In 1980, when I moved to New York, I enrolled at Fashion Institute of Technology to become a fashion designer. My new artist’s portfolio bulged with shiny pinking shears, pins, and colored chalk. But the work was grueling and the stiff mannequins draped in muslin had little connection to the dazzling creations floating in my head. Late one night, after a long day at work, my German draping teacher eyed the mannequin I was draping for the fourth time.
“Zat pin has no meaning!” she cried, pointing accusingly to a pin I had just stuck in the mannequin.
I took that as a deeply existential statement about my future as a fashion designer, and quit. Now what was I going to do?
During my lunch hours at the law firm I worked at, I browsed through Scribner’s Bookstore on Fifth Avenue, climbing the winding stairway to the second floor to read in the comfortable armchairs. I found myself drawn to the children’s section and the books I’d grown up with –– the OZ books, the magic books by Edward Eager, the Betsy-Tacy stories. Finding them was like rediscovering old friends. I remembered the first time I opened a Betsy-Tacy book, I was nine going on ten).
“Going on ten seemed to be exactly the right age for having fun,” I read. Those were the most exciting, the truest words I ever read. And they were in a book!
For some reason I had never read the Betsy-Tacy high school stories. But now, twenty-four years later, I submerged myself in Betsy's high school world, the one I wish had been mine. Family, friends, heartaches and crushes – it was all so innocent and fun, the perfect escape from the loneliness of New York. But I couldn't locate the last book in the series, Betsy's Wedding. Betsy’s life, so vividly evoked, was incomplete and unfinished without the last book. I had to have it. The bookstore said the book was out of stock. The publisher said it was out of print.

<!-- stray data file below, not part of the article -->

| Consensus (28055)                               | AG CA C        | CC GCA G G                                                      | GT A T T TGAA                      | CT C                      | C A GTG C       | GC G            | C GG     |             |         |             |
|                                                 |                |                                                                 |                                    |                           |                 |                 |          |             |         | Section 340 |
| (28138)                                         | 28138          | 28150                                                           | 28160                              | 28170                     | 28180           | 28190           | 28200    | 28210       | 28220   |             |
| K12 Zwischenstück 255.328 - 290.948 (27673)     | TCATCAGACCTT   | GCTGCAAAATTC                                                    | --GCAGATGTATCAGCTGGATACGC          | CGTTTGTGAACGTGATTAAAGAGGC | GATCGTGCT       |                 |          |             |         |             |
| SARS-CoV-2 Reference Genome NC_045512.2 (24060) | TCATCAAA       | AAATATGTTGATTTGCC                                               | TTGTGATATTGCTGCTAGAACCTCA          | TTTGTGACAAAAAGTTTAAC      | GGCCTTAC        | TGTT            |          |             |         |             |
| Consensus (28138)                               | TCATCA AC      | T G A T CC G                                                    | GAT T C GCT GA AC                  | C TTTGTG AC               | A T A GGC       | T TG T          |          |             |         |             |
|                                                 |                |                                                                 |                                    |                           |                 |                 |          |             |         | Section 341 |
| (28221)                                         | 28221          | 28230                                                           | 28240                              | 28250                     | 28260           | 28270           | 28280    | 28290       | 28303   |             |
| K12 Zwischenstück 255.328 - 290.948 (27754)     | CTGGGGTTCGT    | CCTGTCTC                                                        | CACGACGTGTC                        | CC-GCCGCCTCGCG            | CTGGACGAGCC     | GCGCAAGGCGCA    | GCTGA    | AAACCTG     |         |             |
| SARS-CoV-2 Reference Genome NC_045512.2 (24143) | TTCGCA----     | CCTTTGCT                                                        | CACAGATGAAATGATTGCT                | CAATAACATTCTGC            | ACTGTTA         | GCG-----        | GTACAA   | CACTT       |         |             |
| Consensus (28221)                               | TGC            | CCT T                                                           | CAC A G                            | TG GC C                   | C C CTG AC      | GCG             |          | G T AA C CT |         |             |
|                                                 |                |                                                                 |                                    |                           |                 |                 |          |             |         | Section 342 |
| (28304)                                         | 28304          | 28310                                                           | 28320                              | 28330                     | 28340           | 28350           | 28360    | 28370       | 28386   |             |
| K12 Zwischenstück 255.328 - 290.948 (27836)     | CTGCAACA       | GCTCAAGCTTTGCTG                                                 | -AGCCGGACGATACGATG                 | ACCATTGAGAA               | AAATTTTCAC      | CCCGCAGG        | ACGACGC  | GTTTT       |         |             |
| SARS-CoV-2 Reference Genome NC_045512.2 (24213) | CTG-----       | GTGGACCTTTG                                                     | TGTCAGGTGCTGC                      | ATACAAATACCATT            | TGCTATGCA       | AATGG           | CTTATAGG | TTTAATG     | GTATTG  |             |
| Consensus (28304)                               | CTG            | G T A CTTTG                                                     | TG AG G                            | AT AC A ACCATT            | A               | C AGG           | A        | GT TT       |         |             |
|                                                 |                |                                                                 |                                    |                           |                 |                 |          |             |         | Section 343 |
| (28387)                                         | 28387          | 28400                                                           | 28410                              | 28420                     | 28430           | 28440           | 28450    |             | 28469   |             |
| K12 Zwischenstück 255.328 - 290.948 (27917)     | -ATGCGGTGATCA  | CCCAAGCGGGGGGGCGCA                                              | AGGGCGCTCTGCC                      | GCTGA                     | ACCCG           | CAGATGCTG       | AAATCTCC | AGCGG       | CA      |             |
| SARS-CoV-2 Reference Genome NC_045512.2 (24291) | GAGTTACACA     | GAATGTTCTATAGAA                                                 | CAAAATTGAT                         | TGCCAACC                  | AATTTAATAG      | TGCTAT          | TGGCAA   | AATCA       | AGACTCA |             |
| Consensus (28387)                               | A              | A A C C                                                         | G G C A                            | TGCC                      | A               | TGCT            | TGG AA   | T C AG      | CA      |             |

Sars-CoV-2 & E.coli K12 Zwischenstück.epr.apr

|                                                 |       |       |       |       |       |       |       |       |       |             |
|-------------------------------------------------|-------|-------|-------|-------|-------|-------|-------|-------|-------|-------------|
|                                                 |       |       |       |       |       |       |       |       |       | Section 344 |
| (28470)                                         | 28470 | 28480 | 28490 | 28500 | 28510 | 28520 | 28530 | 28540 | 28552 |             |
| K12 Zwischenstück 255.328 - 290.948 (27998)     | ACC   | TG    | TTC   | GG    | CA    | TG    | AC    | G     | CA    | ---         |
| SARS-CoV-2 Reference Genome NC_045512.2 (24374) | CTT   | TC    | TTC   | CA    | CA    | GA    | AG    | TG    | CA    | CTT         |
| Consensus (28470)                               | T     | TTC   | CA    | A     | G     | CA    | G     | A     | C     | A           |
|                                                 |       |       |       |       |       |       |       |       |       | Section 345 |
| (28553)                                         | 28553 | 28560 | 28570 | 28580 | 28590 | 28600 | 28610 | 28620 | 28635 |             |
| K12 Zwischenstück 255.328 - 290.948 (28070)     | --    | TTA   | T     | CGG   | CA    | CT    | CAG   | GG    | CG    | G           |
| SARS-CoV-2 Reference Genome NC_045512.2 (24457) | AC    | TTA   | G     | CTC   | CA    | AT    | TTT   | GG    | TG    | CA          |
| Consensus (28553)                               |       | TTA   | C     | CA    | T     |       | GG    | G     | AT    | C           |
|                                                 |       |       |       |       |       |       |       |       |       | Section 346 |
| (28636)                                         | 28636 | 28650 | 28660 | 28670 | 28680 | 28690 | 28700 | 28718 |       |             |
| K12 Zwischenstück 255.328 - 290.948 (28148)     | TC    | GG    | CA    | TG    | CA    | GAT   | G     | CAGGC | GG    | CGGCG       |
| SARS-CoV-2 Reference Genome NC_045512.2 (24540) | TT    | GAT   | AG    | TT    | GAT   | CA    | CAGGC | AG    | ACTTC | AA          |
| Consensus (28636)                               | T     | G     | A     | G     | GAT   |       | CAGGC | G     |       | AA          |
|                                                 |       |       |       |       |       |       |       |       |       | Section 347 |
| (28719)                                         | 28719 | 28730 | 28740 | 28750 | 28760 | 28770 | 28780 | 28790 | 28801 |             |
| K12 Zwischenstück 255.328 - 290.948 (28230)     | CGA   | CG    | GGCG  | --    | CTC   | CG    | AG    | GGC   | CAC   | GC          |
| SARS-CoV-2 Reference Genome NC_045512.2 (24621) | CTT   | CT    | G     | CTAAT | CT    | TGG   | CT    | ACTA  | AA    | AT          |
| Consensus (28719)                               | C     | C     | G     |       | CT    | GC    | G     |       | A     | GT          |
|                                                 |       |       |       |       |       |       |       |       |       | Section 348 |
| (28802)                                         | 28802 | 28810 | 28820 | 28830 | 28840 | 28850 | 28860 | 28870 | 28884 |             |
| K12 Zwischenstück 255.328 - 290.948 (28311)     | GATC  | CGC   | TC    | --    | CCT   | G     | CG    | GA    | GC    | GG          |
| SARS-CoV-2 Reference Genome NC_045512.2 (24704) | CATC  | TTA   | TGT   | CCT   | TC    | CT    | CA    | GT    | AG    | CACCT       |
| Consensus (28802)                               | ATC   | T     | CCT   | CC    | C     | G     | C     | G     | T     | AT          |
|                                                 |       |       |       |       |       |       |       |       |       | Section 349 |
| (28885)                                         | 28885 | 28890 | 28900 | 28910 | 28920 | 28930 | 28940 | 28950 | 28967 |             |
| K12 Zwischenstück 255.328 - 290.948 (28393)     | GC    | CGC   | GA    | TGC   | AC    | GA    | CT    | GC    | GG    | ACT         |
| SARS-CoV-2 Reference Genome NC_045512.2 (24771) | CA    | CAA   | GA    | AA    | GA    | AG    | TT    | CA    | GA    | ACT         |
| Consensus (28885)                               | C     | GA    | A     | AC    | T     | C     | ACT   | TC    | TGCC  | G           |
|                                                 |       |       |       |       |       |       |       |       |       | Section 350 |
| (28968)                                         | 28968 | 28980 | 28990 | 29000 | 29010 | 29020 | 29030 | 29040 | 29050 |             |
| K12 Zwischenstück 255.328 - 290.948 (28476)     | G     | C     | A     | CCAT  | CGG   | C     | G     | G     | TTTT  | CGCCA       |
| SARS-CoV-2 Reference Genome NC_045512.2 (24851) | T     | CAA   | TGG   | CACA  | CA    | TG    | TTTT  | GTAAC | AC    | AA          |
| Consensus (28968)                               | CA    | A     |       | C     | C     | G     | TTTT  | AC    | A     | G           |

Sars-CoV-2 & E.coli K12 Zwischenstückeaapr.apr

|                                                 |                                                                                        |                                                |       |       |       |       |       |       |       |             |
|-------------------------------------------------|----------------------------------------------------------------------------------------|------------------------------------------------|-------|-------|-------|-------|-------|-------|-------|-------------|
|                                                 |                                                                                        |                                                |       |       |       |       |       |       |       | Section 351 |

Finally I found it in the Staten Island branch New York Public Library. I immediately called and reserved it. But I couldn't bear to wait for the machinery of the New York Public Library system to grind into motion. I would take the ferry to Staten Island and get the book myself.
On a gray, misty Saturday in early March, I made the trip, watching impatiently as the ferry plowed through the cold, choppy waters. Couldn't the engines go any faster? What if someone else took out my Betsy book first? What if the Staten Island branch burned down before I got there? When we finally docked, I ran all the way to the library. I didn't open the book until I was on the ferry again, headed back across the bay. Even then I hesitated, holding the book tightly in my lap. Betsy's Wedding was the last in the series. When I finished it, there would be no more new Betsy-Tacy adventures to discover. But at last, sitting on the hard ferry bench, my face wet with foam, I began reading.
“Almost choked with excitement and joy, Betsy Ray leaned against the railing as the S.S. Richmond sailed serenely into New York City's inner harbor,” I read. “The morning was misty, and since they had passed through the Narrows, she had seen only sky and water—and a gull, now and then…”
I looked up at a gull swooping over the gray water. New York of 1980 had vanished. It was 1919, and I was a young woman returning from a long voyage, and anxious for her first glimpse of New York. I smiled to myself and went on reading.
“My heart is turning home again, and there I long to be…”